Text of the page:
Milan Kundera is a master of graceful illusion and illuminating surprise. In one of these stories a young man and his girlfriend pretend that she is a stranger he picked up on the road--only to become strangers to each other in reality as their game proceeds. In another a teacher fakes piety in order to seduce a devout girl, then jilts her and yearns for God. In yet another girls wait in bars, on beaches, and on station platforms for the same lover, a middle-aged Don Juan who has gone home to his wife. Games, fantasies, and schemes abound in all the stories while different characters react in varying ways to the sudden release of erotic impulses.
The themes all deal with aspects of human sexuality - mostly from a Man's view. The stories have a raw sense of humanity to them - sometimes it can be uncomfortable reading; however, it has an undeniably tender undercurrent. Even when a character behaves despicably, I remained sympathtic with the human behind the actions. It just feels irresistably honest, and it is quite easy to get seduced by such well-portrayed human complexities.
Among my favorite stories were "The Old Dead Must Make Room for the New Dead", which portrays the dilemma of whether to preserve a diffuse, but beatiful sensual memory or replace it with a graphic, but uglier version that will ultimately erase the former. "Edward and God" is another gem that deals with sexual longing and the fickleness of Religion (Atheism is cleverly presented just as irrational in its dogmatisms as Christianity).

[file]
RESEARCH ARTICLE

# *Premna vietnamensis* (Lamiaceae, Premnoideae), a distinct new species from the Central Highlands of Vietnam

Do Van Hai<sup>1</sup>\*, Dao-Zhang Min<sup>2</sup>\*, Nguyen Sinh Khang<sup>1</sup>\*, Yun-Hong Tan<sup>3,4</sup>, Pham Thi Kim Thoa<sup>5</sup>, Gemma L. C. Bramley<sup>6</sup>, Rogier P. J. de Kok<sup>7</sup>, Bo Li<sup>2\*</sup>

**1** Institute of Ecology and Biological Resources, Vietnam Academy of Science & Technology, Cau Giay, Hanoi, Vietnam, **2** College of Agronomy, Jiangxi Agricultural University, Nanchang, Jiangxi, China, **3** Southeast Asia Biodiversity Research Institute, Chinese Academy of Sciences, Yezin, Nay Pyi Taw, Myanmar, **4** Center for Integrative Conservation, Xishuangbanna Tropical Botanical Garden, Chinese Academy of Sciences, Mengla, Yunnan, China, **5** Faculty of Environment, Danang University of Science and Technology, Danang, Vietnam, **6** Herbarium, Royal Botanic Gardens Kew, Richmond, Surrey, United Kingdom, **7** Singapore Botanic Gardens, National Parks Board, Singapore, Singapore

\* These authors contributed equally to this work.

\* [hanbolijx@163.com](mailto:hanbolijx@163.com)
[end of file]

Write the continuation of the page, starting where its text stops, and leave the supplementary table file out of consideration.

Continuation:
Finally "The Hitchhiking Game" is a classic portrayal of how easily perceptions can be irreversibly altered.
I highly recommend this short-story collection; however, if you are reading Milan Kundera for the first time, I am tempted to recommened one of his more famous works...
The first two stories in the collection were not an auspicious start to my first Kundera experience. One of the stories focuses on a guy whose practical joke, if you will, goes a bit awry, and the other one introduces us to a man and an older woman who meet on the street years after their one-time fling. I liked nothing about them. The language seemed automaton-like, unnatural and not poetic at all. The stories themselves didn’t seem to have much of a point and were boring. I couldn’t detect any sharp psychological analysis that people kept saying Kundera was known for.
The only reason I kept on reading instead of abandoning it was because it moved fairly quickly, and I held out hope that maybe the other stories would be better. Good thing I did so. Starting with the third story and onward to the last one, the stories seemed to liven up for me. I’m not sure if this was because I gradually got used to Kundera’s style; maybe it really did just have to do with how specific stories resonated more with me. Sure, the language was still pretty average, but the ideas behind the stories tickled my brain and I found myself flipping page after page, smiling as each character demonstrated their foibles, played mind games on each other for kicks, deluded themselves away from certain truths, or awakened to how the effects of aging were disrupting their sense of self. Kundera is able to articulate/capture people’s psyche in such a precise way that a light bulb kept going off in my head.
So in the end, enjoying five out of seven stories is a pretty good record for a short story collection. Overall though, if this is indicative of Kundera’s style, then my reading preferences and his style aren’t quite a good fit. But I’m glad that I dipped into a bit of his work at least.